The Puritan Dilemma; the Story of John Winthrop Summary & Study Guide

This Study Guide consists of approximately 28 pages of chapter summaries, quotes, character analysis, themes, and more - everything you need to sharpen your knowledge of The Puritan Dilemma; the Story of John Winthrop.
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The Puritan Dilemma; the Story of John Winthrop Summary & Study Guide Description

The Puritan Dilemma; the Story of John Winthrop Summary & Study Guide includes comprehensive information and analysis to help you understand the book. This study guide contains the following sections:

This detailed literature summary also contains Topics for Discussion on The Puritan Dilemma; the Story of John Winthrop by Edmund Morgan.

The Puritan Dilemma, The Story of John Winthrop is a brief biography of John Winthrop but also tells the story of the events that led to the Puritan colonization of America and the struggles the colonists faced in their early years. The book covers the role of Puritan theology in the Puritan relationship with the political authorities in England, its role in creating their unique culture and its role in generating one of the most democratic political bodies in the 17th century world.

The Puritans are often represented as extreme moral policemen who hate everything good in life. While the stereotype does not wholly misrepresent them, the author shows that there is much to commend in the Puritans and their first leader, John Winthrop.

The book has thirteen chapters that proceed in chronological order but are also based around important historical events. In Chapter I, the author introduces John Winthrop and discusses his childhood, early adulthood and his conversion to Christianity. It explains his education and the early recognition of his argumentative, organizational and political talents. Chapter 2 discusses how the Puritans perceive the political situation of their day under King Charles I of England. More or less, many Puritans worry whether the government was legitimate because Charles I's wife is Catholic and because Charles often persecutes Puritans.

Chapter 3 discusses the alternatives Puritans discuss for handling their current social and political condition. God's wrath, in their minds, would soon strike England due to its sins. The Puritans may very well be swept up in the punishment. With England's morality declining, the Puritans must form a "remnant" of the Godly. They eventually decide to migrate to New England to preserve their righteous religion and morality. Chapter 4 covers Puritan preparations to leave for New England and the details of how Puritan leaders secure a charter from the king to settle New England and manage to escape England with little notice.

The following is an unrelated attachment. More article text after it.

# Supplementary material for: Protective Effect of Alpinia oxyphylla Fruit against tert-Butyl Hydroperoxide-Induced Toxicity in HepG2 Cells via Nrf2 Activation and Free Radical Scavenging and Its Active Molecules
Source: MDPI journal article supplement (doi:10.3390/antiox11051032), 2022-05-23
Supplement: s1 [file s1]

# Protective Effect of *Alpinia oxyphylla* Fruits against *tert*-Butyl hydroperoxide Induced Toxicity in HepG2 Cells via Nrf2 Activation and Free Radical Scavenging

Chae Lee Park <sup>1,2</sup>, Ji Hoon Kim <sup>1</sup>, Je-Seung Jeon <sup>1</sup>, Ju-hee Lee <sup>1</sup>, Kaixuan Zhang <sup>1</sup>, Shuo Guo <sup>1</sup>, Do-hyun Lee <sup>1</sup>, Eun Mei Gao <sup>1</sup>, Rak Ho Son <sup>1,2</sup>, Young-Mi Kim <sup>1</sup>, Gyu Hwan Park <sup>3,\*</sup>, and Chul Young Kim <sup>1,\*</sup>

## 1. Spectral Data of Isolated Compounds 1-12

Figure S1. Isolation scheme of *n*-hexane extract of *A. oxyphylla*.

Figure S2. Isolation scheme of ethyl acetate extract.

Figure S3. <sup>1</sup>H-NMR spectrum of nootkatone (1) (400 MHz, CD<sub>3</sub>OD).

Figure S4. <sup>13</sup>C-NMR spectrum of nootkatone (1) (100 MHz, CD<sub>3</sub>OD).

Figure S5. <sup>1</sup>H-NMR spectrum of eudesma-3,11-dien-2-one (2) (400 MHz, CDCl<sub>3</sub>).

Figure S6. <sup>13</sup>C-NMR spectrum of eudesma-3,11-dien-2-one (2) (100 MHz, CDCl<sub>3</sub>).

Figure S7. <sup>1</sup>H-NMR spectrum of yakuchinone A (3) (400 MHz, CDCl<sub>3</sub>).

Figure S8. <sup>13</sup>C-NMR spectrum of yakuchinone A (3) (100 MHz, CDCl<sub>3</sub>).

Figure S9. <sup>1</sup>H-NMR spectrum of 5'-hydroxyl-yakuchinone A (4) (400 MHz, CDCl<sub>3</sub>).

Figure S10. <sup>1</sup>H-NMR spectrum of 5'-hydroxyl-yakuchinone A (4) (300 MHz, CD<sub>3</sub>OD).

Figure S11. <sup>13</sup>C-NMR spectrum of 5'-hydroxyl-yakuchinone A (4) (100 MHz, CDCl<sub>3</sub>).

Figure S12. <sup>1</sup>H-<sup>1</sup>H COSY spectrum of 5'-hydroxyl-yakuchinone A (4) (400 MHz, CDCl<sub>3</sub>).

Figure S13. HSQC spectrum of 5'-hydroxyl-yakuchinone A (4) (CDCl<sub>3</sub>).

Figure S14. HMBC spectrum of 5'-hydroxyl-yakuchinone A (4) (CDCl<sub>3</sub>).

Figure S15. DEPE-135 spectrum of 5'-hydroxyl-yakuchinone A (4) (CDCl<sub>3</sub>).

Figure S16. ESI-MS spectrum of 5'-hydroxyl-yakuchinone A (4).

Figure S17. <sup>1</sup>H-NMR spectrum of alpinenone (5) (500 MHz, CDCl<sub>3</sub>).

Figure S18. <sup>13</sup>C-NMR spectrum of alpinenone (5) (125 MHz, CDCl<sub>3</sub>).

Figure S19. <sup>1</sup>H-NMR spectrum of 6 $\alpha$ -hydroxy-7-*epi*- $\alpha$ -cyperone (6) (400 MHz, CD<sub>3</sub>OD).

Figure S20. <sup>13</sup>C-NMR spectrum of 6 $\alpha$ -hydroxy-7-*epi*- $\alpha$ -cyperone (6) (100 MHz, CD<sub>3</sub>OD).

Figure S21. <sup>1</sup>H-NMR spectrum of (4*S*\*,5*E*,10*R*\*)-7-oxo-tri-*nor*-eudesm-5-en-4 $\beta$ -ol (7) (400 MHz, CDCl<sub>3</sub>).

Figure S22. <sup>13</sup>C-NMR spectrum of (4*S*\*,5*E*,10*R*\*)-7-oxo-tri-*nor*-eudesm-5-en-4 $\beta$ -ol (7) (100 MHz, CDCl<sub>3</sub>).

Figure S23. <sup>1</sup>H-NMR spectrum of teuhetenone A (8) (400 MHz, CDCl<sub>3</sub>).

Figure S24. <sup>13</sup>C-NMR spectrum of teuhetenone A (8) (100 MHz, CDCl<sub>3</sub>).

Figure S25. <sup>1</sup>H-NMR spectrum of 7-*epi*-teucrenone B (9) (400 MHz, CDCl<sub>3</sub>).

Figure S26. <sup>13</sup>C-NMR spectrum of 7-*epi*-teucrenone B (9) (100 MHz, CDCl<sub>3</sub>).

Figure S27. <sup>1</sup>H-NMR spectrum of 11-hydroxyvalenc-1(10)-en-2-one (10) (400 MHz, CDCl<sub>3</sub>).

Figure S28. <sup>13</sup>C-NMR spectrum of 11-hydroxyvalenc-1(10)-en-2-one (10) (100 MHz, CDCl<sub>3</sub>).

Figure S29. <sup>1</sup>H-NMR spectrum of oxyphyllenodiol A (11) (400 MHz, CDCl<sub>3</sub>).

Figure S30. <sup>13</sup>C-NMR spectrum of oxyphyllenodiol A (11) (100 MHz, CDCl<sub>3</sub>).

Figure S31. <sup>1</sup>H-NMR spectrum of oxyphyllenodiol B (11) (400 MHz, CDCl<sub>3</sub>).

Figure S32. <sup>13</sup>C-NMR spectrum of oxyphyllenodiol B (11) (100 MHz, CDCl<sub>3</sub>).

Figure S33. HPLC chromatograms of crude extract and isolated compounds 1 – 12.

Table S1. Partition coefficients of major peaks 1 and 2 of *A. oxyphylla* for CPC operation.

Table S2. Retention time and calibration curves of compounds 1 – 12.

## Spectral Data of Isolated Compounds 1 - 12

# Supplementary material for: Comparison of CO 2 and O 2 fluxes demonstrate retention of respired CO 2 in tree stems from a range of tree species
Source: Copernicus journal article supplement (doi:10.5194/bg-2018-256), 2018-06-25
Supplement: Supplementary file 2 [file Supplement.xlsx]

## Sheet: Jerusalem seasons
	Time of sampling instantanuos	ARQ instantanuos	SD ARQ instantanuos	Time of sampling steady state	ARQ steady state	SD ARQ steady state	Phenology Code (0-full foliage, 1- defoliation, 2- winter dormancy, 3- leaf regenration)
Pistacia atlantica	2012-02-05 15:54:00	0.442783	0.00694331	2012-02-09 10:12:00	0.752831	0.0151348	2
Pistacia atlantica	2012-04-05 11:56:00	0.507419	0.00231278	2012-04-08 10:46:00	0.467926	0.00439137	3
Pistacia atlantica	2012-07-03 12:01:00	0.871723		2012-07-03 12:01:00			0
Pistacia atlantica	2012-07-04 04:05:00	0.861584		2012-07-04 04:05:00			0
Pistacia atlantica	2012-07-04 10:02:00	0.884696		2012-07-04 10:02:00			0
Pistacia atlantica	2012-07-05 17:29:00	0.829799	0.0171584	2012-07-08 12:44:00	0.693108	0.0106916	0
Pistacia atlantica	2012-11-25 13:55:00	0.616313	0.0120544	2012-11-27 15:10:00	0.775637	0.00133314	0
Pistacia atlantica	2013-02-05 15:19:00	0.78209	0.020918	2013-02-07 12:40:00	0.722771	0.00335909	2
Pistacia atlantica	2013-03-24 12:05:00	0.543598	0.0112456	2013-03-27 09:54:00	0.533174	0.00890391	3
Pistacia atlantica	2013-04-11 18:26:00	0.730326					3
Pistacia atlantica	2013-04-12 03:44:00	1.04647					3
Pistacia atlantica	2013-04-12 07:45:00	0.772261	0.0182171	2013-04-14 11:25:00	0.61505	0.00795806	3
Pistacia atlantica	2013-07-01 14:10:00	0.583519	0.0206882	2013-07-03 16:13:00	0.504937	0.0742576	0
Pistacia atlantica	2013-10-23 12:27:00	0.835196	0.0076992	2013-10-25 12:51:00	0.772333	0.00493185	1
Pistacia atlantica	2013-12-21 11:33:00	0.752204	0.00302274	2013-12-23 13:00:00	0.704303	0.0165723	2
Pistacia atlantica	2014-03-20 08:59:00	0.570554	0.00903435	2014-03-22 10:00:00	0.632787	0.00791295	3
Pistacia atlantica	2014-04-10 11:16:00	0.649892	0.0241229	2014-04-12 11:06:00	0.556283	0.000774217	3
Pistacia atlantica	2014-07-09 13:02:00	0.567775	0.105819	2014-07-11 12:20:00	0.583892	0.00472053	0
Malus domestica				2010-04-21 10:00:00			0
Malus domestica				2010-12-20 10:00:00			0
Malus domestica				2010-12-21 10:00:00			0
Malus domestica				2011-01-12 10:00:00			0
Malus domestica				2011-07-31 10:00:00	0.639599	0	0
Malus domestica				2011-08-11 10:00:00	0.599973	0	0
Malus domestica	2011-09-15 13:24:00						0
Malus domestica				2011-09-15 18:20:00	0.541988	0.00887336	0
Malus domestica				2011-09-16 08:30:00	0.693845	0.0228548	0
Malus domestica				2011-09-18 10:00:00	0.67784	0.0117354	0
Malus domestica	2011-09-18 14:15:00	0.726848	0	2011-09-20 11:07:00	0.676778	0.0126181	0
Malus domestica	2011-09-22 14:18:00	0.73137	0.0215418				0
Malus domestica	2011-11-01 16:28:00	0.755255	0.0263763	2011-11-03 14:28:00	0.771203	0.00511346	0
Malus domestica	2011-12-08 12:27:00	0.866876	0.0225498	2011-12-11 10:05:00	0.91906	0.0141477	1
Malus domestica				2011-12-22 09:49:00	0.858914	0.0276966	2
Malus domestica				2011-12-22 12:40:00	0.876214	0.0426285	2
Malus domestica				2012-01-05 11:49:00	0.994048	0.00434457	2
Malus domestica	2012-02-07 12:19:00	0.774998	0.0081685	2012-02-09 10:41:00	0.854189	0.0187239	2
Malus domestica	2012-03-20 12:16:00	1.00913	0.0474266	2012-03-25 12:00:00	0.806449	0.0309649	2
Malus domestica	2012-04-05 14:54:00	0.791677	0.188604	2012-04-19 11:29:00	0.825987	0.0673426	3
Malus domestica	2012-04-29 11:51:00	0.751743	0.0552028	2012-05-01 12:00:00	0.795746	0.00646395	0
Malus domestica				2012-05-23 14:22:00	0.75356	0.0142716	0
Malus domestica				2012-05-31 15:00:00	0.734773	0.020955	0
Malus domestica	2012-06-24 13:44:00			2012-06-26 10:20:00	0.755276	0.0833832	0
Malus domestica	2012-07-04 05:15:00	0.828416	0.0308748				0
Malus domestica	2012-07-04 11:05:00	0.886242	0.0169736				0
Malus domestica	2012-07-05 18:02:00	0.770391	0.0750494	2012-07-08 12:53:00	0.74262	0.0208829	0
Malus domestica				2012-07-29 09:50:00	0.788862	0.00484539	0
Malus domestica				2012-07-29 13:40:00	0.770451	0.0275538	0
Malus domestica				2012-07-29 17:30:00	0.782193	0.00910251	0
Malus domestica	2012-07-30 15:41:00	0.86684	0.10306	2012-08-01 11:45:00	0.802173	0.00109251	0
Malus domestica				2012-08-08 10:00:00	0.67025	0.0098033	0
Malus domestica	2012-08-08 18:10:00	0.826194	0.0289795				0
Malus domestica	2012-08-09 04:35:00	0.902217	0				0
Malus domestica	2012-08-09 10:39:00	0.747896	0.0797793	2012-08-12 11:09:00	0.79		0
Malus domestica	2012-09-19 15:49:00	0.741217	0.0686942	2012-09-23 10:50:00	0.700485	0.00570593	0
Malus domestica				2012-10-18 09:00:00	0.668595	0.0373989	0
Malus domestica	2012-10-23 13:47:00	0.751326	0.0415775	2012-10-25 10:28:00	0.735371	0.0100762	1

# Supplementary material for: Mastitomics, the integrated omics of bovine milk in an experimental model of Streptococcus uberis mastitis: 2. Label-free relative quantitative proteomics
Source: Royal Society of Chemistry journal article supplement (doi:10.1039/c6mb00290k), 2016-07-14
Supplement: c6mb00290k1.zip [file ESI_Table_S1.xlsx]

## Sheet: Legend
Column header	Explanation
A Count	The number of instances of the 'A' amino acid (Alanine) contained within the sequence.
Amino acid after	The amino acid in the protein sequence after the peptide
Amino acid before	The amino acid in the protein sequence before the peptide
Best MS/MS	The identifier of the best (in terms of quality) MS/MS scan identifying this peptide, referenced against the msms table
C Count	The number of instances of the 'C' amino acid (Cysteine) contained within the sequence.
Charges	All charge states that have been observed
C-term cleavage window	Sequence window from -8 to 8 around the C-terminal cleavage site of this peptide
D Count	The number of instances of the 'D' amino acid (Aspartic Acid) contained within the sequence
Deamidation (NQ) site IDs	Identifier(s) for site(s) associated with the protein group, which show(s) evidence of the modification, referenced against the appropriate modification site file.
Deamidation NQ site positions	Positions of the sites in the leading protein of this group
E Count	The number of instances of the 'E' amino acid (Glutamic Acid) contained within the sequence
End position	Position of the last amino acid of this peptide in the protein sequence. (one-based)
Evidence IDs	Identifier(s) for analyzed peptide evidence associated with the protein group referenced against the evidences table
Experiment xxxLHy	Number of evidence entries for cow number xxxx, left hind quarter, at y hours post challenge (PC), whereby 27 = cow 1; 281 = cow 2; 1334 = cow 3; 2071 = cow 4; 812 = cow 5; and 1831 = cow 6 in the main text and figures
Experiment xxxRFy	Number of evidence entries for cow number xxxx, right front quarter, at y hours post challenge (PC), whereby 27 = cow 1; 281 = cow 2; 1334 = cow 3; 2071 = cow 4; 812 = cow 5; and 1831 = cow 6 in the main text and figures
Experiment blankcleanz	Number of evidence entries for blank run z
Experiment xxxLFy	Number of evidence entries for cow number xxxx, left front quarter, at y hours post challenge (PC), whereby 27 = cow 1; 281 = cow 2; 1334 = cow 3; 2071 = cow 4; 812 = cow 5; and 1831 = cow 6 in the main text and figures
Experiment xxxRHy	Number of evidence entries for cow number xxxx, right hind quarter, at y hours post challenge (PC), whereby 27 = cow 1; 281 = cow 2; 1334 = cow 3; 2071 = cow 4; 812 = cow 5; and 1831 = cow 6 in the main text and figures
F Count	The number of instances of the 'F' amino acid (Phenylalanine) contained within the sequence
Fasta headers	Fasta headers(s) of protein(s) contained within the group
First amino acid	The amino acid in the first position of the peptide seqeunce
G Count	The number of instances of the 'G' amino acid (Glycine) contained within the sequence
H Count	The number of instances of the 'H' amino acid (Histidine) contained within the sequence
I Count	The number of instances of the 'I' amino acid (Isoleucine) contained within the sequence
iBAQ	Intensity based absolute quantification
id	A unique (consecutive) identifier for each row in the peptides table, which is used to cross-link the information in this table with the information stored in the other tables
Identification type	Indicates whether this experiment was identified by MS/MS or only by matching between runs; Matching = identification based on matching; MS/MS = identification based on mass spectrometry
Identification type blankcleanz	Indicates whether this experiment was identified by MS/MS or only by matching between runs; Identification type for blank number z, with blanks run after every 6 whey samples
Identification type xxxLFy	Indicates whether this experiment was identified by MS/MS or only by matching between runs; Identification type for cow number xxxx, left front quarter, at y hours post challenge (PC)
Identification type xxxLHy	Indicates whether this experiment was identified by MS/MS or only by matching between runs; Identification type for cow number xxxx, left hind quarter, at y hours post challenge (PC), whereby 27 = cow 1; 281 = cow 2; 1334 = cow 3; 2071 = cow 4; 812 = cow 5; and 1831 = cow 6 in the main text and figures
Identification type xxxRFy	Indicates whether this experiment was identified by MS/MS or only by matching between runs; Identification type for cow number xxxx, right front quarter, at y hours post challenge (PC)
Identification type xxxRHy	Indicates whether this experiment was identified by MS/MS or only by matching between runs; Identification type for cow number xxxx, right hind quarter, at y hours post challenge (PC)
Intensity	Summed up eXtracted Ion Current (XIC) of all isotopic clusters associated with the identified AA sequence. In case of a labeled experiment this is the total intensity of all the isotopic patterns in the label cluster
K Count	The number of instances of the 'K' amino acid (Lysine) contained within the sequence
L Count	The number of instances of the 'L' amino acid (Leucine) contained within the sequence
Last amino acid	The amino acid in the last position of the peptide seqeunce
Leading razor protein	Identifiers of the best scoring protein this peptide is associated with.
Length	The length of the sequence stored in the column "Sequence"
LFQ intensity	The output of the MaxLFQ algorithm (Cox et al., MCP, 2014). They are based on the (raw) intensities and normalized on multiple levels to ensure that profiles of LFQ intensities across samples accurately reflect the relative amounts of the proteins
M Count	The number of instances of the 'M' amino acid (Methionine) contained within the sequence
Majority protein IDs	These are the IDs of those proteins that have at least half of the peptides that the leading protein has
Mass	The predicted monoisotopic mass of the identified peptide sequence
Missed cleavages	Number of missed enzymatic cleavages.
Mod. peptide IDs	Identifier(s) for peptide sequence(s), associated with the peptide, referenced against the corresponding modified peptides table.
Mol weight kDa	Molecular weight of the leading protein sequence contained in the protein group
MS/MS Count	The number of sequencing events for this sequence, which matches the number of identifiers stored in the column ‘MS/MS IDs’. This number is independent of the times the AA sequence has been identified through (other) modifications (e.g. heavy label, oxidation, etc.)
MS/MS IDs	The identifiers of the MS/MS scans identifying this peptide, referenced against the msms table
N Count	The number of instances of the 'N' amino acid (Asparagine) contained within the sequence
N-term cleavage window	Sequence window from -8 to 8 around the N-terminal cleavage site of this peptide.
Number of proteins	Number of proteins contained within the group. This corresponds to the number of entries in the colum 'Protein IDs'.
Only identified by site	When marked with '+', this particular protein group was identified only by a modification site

Chapter 5 covers the migration to New England and the Puritans' first year trying to survive. Chapter 6 details the Puritans' understanding of their commission from God and how they enforce it. Chapter 7 outlines their strikingly advanced structure of government and how and why it becomes increasingly democratic. Chapter 8 covers the political and social tension the Puritans face between maintaining God's kingdom on the one hand and being reasonably lenient with the behavior of the people on the other. In Chapter 9, the author writes about the problems created by separatism and Roger Williams, whereas in Chapter 10 he discusses the challenge Anne Hutchinson brought to the colony.

Chapter 11 analyzes the Puritan form of government in detail and the debates the people have over how to structure it and which groups had which authority. The Puritans are a largely democratic people who are also very jealous of their liberties. Chapter 12 introduces the challenge presented to the Puritans by the English Civil War; since Puritans were coming to power in England, what more need would there be for preserving a remnant? Despite this concern, the Puritans stay behind. In Chapter 13, Winthrop and the people of New England face economic depression and realize that they must reach out to the wider world to find markets for their goods and services.

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This section contains 544 words
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